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kids - Kim Petersen


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“My dream is to be a superhero and I will save people.”

– Lakota

I clear an hour out of my schedule every other Monday morning to help in my son’s kindergarten class. He loves it. The expression on his face every time I walk through the door is an impression that stays with me long after I’ve left. His big brown eyes light up and with a big grin he rushes forward, throwing his arms around me as if he hadn’t just seen me an hour before. He doesn’t care who’s watching either. I’m not sure how long that will last so I’ll take it with a side of pleasure.  

He is not the only one that loves it when I rock up ready to get my “silly” on. There’s something about hanging out with a bunch of six-year-olds that refreshes and inspires the mind. Don’t get me wrong; as much as I love it, I do so in small doses. I think teachers are like our modern-day superheroes.

This is going to sound a little creepy, but kid-watching can be extremely entertaining. We can learn so much from their zesty outlook, their resilient ability to go with the flow and their uncomplicated way of being. Those qualities are catchy. So much so, that when I cross the threshold and into the classroom, I (almost) shed the invisible cords that bound me to adulthood and barely even acknowledge the teacher.

“My dream is to be a ballerina and I’ll do a pirouette.”

– Keira  

I’m not like the other parent helpers. When those kids show up at my bingo table, they know they’re in for something different and a whole lot of laughs. I am not just another mum flashing words and adhering to the “quiet-is-better” rule we get thrown down our throats every 10 minutes or so.

I am their “Bingo Master”.

This self-proclaimed “Bingo Master” flashes word cards just like the other mums, but the other mums don’t suddenly break out in a song using the word of the moment as a cue or playfully tease them when clutching words like “home” and “baby” in their hands. I give them challenges, dive into their imaginations and pluck out their fascinating ideas.

I ask the boys to draw love hearts and flowers, the girls’ trucks and cars. Most boys screw their noses up at the thought of etching out a heart or a flower, but then I persist. Other boys take their love hearts very seriously and need no further coaxing. Those boys are probably the ones set to change the patterns of love in the future. They are the ones who might seek out new relationship dynamics and boldly go where no one has gone before.  

“My dream is to be a doctor and I will help people.”

– Jack

Kids teach us so much about life. For instance, did you know that Barbie dolls and unicorns can destroy a zombie apocalypse? And that helping yourself win on the sly isn’t actually cheating? Moreover, kids teach us to see the world differently. Their eyes are not yet contaminated by societal conventions and cultural conditioning. They remind us of sincerity with their transparent views and their beautiful curiosity. They remind us that everything is interesting, to live in the moment and to laugh at silly things. They remind us of our humanity.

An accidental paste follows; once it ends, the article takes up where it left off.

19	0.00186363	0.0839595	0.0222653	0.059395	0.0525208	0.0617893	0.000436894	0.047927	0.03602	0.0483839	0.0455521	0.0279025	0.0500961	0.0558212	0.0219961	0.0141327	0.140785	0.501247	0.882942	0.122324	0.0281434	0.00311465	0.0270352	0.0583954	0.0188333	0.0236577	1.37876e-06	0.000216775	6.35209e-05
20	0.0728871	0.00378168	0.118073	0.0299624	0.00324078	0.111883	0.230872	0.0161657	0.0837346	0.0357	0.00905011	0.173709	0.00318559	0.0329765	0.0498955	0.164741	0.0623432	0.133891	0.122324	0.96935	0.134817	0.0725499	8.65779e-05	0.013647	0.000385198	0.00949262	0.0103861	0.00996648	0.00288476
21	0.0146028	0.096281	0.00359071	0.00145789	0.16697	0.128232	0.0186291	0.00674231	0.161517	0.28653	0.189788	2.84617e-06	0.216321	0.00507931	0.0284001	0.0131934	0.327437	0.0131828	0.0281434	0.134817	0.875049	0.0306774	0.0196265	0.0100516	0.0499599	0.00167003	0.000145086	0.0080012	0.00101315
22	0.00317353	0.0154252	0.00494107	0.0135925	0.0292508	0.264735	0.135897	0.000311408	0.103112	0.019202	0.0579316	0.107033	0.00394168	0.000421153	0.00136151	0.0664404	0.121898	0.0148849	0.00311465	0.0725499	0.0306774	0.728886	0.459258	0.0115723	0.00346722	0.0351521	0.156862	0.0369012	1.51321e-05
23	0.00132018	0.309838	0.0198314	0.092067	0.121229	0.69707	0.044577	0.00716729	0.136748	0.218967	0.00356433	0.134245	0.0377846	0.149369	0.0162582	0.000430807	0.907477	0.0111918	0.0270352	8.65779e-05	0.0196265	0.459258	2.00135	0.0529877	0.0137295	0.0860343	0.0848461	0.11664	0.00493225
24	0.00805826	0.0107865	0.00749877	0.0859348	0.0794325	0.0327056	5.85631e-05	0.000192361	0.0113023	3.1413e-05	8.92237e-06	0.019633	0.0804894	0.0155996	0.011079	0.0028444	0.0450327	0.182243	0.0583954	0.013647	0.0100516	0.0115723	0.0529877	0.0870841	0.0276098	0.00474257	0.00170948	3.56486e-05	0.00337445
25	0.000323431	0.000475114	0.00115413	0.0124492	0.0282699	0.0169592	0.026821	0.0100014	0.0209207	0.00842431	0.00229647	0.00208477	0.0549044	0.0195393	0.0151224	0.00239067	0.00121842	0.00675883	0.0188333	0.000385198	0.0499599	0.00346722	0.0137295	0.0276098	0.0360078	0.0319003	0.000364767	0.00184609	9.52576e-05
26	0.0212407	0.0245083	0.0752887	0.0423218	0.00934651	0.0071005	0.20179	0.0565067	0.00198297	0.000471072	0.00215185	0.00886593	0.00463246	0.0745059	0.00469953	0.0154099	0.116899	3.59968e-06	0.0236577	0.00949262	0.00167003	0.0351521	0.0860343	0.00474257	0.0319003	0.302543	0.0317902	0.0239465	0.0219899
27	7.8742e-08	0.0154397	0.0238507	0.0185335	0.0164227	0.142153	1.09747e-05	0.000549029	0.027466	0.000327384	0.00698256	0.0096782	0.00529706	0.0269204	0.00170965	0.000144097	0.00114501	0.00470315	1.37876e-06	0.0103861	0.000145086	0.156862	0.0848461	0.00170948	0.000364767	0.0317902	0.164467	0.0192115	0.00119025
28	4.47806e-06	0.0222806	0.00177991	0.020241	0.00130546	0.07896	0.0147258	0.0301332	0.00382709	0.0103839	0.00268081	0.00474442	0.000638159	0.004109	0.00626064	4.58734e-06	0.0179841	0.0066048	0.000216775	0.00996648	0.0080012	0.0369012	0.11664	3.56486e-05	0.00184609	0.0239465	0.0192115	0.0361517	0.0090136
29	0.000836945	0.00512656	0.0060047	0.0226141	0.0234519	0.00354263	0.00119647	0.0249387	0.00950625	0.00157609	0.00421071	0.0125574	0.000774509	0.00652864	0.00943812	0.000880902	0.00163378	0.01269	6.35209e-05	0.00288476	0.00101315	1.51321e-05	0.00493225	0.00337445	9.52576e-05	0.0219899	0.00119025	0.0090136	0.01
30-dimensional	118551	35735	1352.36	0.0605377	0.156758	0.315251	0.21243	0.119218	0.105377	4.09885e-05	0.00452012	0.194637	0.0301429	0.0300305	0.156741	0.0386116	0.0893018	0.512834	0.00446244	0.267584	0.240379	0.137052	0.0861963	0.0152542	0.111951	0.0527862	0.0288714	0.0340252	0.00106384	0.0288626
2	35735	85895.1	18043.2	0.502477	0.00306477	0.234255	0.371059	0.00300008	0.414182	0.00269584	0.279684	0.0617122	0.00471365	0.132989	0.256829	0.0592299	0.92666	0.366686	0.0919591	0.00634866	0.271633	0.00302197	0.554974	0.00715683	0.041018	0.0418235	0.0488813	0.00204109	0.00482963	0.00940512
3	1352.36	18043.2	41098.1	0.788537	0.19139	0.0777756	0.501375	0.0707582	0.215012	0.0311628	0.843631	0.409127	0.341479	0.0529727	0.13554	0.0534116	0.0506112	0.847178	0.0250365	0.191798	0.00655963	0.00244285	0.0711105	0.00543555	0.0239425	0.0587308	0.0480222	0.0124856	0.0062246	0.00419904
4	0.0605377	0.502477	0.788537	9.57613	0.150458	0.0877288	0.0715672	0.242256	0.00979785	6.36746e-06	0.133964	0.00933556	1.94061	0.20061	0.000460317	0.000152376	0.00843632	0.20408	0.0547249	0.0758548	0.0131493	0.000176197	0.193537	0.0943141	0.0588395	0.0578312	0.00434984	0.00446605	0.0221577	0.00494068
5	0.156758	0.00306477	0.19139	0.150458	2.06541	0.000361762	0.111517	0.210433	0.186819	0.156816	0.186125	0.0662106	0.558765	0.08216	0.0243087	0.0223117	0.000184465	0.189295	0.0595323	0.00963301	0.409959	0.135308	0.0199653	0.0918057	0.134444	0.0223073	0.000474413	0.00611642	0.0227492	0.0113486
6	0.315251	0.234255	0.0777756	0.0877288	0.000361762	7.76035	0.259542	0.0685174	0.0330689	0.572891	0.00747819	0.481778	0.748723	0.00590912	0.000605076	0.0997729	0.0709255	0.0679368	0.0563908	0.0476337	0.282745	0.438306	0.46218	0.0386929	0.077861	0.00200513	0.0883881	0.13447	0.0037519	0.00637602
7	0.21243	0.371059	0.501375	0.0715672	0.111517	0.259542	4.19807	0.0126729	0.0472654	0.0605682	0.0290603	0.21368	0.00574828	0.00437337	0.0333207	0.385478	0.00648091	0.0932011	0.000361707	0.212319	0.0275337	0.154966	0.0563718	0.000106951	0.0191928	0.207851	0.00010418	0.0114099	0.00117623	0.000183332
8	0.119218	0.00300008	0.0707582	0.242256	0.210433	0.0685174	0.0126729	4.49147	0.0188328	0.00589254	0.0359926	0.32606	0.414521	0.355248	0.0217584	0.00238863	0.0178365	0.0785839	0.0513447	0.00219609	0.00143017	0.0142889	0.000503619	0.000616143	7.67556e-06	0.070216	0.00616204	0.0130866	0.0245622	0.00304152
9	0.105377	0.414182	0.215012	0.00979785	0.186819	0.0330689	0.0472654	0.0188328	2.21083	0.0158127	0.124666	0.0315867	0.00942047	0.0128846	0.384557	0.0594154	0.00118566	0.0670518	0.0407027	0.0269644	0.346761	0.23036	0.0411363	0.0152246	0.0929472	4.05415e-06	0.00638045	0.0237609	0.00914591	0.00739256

“My dream is to be a teacher and I will teach kids.”

– Harley

Children’s dreams are like precious drops of light. In a world where dreams are too often squandered beneath doubt and ridicule, kids dream big and without boundaries. In a world where we’re so afraid to love, kids love fiercely, forgive easily and listen to their precious hearts.

Every other Monday I spend time with my child and the children of others. Every other Monday, I leave that classroom feeling a little bit lighter than before I arrived. If you’re looking for a different way to kickstart your creative juices, go spend some time with kids. Go play, laugh and goof around a little. Breathe life back into those dreams and believe like a child again.

If just one thing would stick with me from the time I spend with children, that would be it. To believe in those dreams with the voracity of a child again.

“My dream is to be a scientist and I will create a robot to cook me food when I’m hungry.”

– Indiana

I Hate the World Today – Parenting in the fast lane

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“I hate the world today!” Master Six said, scrunching his nose and treating me to a dark, brooding stare.

“Alrighty, that didn’t take much.”

Seriously, if putting on socks represented my greatest adversities, I’d take it in a flash. I tried not to smile, I really did, but when his rosebud lips began to curl my way, I failed miserably.

 He has a thing for bums.

That wasn’t a typo. Yep, the littlest man of the house has had a thing for the “butt” ever since he could walk and talk. I’m not sure why. Nothing out of the ordinary ever happened to erm… nurture this odd idiosyncrasy of his. Yet, he has this habit of dishing out a light paddle on behinds every now and then as he passes by. Namely, mine. Actually, only mine.

I’ve never seen him try it on his father. I’m thinking because my butt is much more padded than his dad’s – which by the way, wouldn’t take a whole lot to achieve. My husband has one of those behinds you can’t see. Oh, you know it’s there; it has to be – my senses remind me it exists more often than I’d like. It just seems to become swallowed in his clothes.